$2.16 trillion -- that's the aggregate amount of net debt on the balance sheets of the companies in the S&P 500 (ex-financials) at the end of 2008. Surely these companies have been following the banks' lead and reducing their leverage now that the great credit banquet has come to a tumultuous close. Right?

Think again: The figure hasn't moved from its level at the end of the second quarter of 2008. In fact, at the end of the second quarter of 2007 -- arguably the peak of the credit boom -- aggregate net debt was lower than it is now:

 

Q4 2008

Q2 2008

Q2 2007

Net Debt

$2.16 trillion

$2.15 trillion

$1.89 trillion

Net Debt / Trailing-12-Month EBITDA*

1.61

1.63

1.54

EBITDA* / Interest Expense

12.9

12.8

12.8

*Earnings before interest, taxes, depreciation, and amortization (EBITDA) is a measure of the firm's operating cash flow.
Sources: Capital IQ, author's calculations.

Debt levels are stable and manageable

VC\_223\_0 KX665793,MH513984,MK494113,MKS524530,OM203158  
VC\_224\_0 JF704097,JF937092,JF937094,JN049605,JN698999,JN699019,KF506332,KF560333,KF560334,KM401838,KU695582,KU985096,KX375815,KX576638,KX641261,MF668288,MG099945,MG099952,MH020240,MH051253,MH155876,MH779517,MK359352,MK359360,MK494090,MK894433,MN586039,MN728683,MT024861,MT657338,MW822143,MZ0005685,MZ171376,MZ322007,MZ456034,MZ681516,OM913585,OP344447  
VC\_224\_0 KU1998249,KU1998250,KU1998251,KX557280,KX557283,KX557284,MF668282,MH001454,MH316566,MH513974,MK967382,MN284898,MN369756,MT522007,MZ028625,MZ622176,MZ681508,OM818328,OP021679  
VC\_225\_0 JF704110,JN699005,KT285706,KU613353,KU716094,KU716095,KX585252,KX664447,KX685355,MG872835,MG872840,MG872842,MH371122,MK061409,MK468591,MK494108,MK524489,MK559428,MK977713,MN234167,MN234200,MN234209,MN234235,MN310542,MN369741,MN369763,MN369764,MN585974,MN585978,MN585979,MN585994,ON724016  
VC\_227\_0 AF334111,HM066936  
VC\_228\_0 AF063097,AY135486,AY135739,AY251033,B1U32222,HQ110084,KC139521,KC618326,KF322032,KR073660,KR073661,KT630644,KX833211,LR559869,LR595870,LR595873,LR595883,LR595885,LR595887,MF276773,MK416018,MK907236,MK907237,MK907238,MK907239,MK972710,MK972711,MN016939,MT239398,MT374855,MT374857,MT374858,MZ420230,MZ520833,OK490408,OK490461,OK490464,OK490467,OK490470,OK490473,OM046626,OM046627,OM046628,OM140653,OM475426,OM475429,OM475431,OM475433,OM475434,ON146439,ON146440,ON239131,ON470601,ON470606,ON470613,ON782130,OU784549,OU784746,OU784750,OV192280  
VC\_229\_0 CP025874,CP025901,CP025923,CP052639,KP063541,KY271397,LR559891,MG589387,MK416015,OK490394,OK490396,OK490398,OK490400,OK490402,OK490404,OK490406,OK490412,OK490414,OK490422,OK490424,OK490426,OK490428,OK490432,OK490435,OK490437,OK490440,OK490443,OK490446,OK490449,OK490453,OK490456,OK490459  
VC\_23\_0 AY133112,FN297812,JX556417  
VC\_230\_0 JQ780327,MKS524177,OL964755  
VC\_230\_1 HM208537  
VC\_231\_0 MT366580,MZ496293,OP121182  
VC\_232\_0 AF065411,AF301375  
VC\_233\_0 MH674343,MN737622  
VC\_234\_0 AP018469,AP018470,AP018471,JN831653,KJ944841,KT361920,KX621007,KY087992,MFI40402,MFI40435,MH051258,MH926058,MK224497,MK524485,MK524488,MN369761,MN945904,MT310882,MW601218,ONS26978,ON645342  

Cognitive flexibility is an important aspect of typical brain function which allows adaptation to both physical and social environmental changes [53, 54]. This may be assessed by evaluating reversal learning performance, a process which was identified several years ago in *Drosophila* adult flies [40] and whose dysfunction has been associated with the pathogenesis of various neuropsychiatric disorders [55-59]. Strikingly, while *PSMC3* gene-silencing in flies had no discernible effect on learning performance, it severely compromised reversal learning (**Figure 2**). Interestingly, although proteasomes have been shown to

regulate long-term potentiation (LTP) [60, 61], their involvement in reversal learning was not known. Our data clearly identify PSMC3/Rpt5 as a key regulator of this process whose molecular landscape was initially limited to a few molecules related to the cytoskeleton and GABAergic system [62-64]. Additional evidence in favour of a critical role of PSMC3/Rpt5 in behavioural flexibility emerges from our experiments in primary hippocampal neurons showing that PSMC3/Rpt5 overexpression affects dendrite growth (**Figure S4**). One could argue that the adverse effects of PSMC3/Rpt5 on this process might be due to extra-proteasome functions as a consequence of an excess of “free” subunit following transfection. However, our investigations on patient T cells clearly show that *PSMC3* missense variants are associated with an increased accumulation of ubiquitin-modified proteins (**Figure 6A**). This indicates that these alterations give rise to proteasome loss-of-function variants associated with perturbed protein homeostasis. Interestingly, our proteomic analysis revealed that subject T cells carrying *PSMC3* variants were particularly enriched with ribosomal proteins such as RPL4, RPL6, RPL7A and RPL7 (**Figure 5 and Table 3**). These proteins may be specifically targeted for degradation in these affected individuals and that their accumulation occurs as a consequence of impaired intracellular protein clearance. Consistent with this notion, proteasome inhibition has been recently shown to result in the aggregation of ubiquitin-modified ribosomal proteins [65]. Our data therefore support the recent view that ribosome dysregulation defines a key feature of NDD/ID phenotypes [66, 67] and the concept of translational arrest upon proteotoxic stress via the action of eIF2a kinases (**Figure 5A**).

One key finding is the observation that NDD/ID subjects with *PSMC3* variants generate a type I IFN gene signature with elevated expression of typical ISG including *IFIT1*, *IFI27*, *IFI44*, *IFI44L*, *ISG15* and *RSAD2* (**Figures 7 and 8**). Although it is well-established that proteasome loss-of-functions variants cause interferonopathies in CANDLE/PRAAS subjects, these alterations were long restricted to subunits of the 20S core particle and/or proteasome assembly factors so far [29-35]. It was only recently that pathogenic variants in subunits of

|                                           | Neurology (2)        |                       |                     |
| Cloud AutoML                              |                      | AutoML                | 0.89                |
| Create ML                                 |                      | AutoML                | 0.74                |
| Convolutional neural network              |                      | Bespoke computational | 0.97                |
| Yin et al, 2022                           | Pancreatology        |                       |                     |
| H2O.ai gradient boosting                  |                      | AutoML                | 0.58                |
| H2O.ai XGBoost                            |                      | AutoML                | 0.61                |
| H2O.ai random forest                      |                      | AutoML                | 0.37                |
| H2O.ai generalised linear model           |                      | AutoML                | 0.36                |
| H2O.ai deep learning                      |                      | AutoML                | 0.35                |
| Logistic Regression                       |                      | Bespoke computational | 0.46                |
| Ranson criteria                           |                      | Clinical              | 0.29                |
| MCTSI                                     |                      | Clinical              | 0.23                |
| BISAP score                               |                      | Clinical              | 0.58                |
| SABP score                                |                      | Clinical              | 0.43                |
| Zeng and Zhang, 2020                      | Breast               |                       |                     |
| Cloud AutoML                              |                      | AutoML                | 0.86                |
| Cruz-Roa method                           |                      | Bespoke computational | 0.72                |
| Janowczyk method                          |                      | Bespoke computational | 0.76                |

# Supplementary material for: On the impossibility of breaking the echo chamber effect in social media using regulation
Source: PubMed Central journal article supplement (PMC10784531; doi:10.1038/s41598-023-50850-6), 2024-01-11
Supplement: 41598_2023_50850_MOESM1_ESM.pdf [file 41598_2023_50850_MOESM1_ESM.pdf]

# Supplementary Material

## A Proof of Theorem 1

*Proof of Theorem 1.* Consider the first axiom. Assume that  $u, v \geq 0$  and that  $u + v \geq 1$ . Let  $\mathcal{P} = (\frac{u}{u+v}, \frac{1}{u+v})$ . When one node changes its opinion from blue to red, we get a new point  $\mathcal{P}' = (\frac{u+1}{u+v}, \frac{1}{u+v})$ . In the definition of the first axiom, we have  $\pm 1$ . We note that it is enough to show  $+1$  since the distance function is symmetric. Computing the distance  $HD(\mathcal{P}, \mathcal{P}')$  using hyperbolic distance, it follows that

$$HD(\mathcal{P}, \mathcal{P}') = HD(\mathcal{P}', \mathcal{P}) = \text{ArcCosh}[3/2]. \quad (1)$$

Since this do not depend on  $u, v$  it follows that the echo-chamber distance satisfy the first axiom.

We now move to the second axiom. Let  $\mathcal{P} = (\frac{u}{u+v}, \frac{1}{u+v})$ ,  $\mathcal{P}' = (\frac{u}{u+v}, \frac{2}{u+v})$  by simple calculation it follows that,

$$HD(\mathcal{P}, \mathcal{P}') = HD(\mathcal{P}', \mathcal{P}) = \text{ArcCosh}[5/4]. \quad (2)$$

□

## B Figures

The preceding table highlights two things: First, debt ratios for this group of companies have remained remarkably stable throughout the credit crisis. Second, debt levels appear to be quite manageable. This suggests that this group of relatively high-quality companies isn't suffering from a debt hangover and that the problem lies with marginal borrowers and companies that were taken private in LBOs at the height of the credit-fueled LBO boom. (In 2007, LBO groups were saddling their targets with total debt of more than five times EBITDA.)

Bear in mind, however, that there are important variations in leverage within the S&P 500, as the following table demonstrates:

Higher leverage

Total Debt / Equity

Lower Leverage

Total Debt / Equity

General Electric (NYSE:GE)

500%

Microsoft (NASDAQ:INTC)

6%

Wynn Resorts (NASDAQ:WYNN)

270%

Intel (NASDAQ:INTC)

5%

IBM (NYSE:IBM)

253%

Genzyme (NASDAQ:GENZ)

2%

   

Yahoo! (NASDAQ:YHOO)

1%

Source: Capital IQ.

Companies with little or no debt are always more flexible than their leveraged peers, but that difference is vital in an environment that combines a credit crisis and a severe recession. Those conditions favor investors who remain invested in or migrate toward companies with an unencumbered balance sheet -- take stock!

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Alex Dumortier, CFA, has no beneficial interest in any of the other companies mentioned in this article. Intel and Microsoft are Motley Fool Inside Value picks. The Fool owns shares of Intel. Try any of our Foolish newsletters today, free for 30 days. The Motley Fool has a disclosure policy.